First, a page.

mom2momdfw

Sugar and Spice and...Dreadlocks?

Posted Thursday, Mar. 18, 2010  comments  Print Reprints
A

Have more to add? News tip? Tell us

In case you do not follow me on Twitter (@BehindTheEars) or my Facebook Fan Page, let this serve as your final warning: I am bringing a second edition of Yours Truly into existence. (Take cover.) Meaning, I can make girl parts as well as boy parts. Meaning, I am pregnant with a little girl this time in case you have no patience for snarkiness.

We went into the perinatologist’s office last Friday morning with the feeling you get before opening a college admissions letter or appearing at traffic court. Both Gordon and I were hoping for a girl for many reasons: so we would have one of each, so we would have one of each, so we would have one of each, and finally so we would have one of each. The second child is really the arbiter of future children. If you have the second of the same gender, then family and friends will no doubt pressure you to continue reproducing until the opposite gender is achieved or until they themselves get a new puppy. But if your second is of the opposite gender, well then, there’s no wondering what a “little Julie” would look like or what a giant expensive wedding would cost. Not that we don’t want more children after this. It’s just that no matter what, we’ll have one of each, which is very comforting for a great lover of symmetry (especially for the one, namely me, who is currently outnumbered).

I know girls are more drama. And more money. And more stress-inducing. But oh! The clothes! The pigtails! The pink-ness of it all! I could just vomit I’m so happy. Drew, if you read this eons from now, please know I was also vomiting of happiness when I knew you were a boy — simply because you were real and had a gender and were the First — and it’s not that you were such a bad boy that you made me want a girl, it’s just that I wanted to register at Zoe and Jack. And your gender does not have nearly the fashion selection.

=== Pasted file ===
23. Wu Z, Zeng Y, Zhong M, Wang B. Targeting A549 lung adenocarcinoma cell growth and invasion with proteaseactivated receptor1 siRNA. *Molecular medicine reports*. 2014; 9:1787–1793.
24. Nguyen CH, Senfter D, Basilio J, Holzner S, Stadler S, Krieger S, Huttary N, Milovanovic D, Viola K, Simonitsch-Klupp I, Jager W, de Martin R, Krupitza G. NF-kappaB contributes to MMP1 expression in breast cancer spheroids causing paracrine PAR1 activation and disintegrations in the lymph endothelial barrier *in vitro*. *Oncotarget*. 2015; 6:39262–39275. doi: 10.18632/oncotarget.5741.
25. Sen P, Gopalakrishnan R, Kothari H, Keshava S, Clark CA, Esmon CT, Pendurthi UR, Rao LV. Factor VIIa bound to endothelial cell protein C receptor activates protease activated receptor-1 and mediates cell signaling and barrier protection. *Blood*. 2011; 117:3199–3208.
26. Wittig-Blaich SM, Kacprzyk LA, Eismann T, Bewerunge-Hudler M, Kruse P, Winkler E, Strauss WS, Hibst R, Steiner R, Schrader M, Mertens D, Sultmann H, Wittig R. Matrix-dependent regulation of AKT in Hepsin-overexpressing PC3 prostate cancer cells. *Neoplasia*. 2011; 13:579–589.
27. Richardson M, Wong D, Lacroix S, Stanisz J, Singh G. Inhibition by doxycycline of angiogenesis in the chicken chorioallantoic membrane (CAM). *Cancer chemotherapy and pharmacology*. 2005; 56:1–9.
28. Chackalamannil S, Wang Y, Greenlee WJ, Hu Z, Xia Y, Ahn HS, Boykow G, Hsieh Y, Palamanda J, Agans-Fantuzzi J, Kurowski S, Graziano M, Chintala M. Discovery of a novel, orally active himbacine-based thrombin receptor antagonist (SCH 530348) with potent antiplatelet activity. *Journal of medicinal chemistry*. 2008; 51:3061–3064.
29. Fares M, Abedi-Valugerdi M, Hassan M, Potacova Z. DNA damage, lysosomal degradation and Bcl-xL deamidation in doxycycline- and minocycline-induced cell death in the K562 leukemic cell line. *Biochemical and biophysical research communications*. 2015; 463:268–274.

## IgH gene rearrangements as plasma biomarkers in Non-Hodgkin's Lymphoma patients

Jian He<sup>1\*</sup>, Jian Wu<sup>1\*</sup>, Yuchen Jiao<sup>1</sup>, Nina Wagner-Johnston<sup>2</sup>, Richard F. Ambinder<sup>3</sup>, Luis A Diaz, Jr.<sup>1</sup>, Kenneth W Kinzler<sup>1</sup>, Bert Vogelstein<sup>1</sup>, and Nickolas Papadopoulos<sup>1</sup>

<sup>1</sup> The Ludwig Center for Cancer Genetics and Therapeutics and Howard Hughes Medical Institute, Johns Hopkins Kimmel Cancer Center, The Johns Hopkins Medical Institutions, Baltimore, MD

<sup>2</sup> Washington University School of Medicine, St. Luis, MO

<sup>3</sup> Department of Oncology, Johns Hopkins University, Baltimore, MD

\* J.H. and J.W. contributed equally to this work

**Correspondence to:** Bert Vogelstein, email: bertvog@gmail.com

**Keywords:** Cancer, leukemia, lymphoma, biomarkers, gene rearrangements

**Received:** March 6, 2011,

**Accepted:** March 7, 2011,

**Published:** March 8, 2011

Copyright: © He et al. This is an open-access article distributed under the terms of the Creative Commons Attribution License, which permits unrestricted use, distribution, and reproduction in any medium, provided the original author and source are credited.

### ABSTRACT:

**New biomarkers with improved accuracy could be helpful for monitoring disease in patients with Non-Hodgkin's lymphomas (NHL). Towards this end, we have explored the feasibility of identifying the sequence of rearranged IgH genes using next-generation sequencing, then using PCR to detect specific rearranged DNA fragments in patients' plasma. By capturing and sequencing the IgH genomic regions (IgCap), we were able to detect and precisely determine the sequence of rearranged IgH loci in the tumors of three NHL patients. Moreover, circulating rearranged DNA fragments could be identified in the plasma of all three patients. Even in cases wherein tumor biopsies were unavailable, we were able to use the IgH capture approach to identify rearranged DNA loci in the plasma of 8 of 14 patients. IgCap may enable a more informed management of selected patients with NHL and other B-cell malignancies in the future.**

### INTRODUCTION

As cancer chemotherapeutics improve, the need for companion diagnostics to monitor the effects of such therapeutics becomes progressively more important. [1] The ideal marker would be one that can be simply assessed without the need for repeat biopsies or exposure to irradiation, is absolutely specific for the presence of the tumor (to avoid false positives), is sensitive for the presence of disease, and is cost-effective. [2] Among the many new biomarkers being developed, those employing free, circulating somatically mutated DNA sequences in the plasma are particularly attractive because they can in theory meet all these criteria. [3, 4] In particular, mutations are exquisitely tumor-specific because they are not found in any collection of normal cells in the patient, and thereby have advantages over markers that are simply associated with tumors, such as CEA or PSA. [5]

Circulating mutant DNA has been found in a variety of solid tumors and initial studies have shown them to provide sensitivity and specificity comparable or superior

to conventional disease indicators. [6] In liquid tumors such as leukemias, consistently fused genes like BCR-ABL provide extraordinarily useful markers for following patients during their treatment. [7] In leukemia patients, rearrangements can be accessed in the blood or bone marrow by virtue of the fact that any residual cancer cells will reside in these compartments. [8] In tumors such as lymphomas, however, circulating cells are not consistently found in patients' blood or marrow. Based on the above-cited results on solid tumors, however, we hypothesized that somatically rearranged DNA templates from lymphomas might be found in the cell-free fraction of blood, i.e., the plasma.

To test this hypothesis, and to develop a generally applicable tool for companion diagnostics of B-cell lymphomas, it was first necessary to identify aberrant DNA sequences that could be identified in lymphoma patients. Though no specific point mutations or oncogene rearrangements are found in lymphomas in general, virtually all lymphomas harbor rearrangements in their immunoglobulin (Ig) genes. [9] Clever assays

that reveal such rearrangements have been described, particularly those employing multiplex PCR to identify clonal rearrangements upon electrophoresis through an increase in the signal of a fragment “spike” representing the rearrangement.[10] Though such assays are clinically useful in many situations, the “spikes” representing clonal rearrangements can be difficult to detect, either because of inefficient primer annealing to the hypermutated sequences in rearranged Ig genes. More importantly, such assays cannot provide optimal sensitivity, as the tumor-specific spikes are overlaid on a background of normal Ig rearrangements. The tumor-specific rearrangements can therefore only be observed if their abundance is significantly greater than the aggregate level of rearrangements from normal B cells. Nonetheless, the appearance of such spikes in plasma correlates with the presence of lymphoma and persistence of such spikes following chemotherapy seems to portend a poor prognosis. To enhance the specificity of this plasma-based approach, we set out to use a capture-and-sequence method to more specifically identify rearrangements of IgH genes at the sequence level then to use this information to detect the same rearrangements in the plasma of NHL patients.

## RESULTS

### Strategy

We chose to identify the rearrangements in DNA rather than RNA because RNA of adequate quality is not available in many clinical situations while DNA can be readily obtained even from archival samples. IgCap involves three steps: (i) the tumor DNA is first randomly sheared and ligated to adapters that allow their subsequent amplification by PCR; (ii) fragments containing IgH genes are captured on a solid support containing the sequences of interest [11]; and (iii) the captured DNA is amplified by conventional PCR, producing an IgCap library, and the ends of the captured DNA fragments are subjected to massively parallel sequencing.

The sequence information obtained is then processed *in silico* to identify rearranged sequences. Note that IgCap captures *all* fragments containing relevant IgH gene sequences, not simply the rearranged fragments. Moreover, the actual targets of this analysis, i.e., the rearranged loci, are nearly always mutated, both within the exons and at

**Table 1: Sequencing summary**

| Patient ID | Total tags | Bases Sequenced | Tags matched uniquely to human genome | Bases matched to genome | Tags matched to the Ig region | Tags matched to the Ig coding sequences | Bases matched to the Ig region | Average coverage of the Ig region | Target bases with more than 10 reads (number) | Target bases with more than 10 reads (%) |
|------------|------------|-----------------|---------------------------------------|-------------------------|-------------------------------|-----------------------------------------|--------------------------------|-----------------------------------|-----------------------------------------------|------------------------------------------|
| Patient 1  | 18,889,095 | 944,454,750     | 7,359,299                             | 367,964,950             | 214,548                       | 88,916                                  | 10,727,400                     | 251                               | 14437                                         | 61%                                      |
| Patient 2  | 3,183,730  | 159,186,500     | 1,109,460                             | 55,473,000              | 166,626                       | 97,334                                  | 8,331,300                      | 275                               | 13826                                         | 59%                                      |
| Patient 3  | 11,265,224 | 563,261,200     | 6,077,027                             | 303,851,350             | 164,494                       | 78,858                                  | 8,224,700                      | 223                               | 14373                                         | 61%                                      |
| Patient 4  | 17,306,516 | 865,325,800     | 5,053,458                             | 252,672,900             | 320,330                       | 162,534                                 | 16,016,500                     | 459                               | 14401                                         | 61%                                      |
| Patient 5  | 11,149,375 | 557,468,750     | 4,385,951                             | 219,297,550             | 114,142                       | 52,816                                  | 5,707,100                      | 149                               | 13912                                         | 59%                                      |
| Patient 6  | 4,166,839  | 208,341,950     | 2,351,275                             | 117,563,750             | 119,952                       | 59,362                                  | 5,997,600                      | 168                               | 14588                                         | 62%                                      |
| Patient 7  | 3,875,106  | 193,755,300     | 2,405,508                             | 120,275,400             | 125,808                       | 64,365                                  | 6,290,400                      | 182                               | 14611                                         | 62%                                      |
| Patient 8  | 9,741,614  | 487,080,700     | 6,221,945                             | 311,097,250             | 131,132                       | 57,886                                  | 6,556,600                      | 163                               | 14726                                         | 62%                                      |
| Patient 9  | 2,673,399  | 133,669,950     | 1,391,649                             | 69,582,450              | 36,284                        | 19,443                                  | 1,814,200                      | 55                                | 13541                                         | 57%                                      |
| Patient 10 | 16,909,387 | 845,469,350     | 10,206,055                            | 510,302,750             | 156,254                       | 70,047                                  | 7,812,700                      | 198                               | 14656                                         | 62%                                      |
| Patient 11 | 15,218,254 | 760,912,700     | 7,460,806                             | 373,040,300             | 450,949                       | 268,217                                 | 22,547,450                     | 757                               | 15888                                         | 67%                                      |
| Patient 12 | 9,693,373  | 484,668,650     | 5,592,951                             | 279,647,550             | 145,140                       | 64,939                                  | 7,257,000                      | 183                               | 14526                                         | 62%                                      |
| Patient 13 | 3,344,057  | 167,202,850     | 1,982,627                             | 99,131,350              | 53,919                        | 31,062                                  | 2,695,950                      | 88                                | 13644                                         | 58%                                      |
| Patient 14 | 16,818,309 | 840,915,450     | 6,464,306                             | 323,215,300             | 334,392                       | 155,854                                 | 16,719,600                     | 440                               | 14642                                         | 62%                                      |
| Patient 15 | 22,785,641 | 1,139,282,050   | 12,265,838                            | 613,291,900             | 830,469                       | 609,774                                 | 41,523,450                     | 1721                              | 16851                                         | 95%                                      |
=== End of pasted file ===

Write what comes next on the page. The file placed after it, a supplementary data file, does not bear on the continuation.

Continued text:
Our perinatologist is from Jamaica. He told Gordon, “You are the best-dressed man I’ve seen in this office in five years,” which made me snicker a little bit and then wonder if he would charge us more.

But before the doctor made his appearance, his nurse had come in to do a preliminary screen of the baby with the sonogram machine and deliver The Big News. She was wearing orange UT scrubs that Gordon made a joke about – she didn’t laugh really – and when she sat down and squeezed the warm goop on my belly, I could feel red blood rising in my neck. She swirled the sono wand around a few times to get the lay of the land, and then suddenly our Pat appeared on the Big Screen. Pat was wiggling around and looking very human with a recognizable skeleton and profile in focus. I gasped. I could see Pat’s nose! The last time I had seen Pat was at 8 weeks when he/she was an oval mass with a quivering heart. But this Pat had really been busy, growing limbs and a brain and fingers and toes.

The Nurse looked at Pat from a variety of angles and then focused in between the legs. She had a very slight, very professional smile on her face and said, “and this is the gender.” She drew a little arrow on the screen. She looked at me like they do at Six Flags while strapping you into the Shock Wave, as if to say, there’s no turning back from this point on.

“And?” I said, my heart radiating and bursting with some sort of cold fire.

“It’s a girl,” she said quickly, definitively.

I can’t remember exactly what I said, only that I was crying and Gordon was looking at me in awe and delight and terror.

“I take it that’s what you wanted,” the nurse commented.

Yes. Yes it was.

When the doctor came in, he put our little girl back up on the Big Screen and was measuring the diameter of her ventricles. Then he began talking the stock market with Gordon. Now I appreciate my husband’s line of work, but can we please stay focused? He was measuring her femurs and her skull and her arms and belly and spine, just like his nurse had done, all while she kicked and shifted and tried her best to avoid this strange uncomfortable pressure from the Outside.

“She is very active,” he said, sounding like how Bob Marley would sound if he wasn’t singing. Yes, I said. I knew she was. I had been feeling her since week 16 which my regular OB had balked at.

So. We will have our Madeline Mae. That’s Pat’s new name, by the way. And yes, for those of you who know me personally, I realize that her initials will be “MMR” which is the abbreviation for the Mumps, Measles and Rubella vaccination, but let me argue the point that her actual monogram will be very symmetrical — mRm — and I think I’ve already expressed to you my love of symmetry. (I realize I take a huge step revealing the name so publicly because I know there are some of you out there with ugly, mortal enemies named Madeline and you will be the first to tell me about them. But I don’t care. I’m still vomiting from happiness.)

When all was said and done that day, it was probably the most fun doctor’s appointment of my entire life. And, as an added bonus, our doctor promised us free Raggae CD’s the next time we come in. No kidding. After all, nothing says sugar and spice and everything nice like a little Rastafarianism.




Looking for comments?

We welcome your comments on this story, but please be civil. Do not use profanity, hate speech, threats, personal abuse or any device to draw undue attention. Our policy requires those wishing to post here to use their real identity.

Our commenting policy | Facebook commenting FAQ | Why Facebook?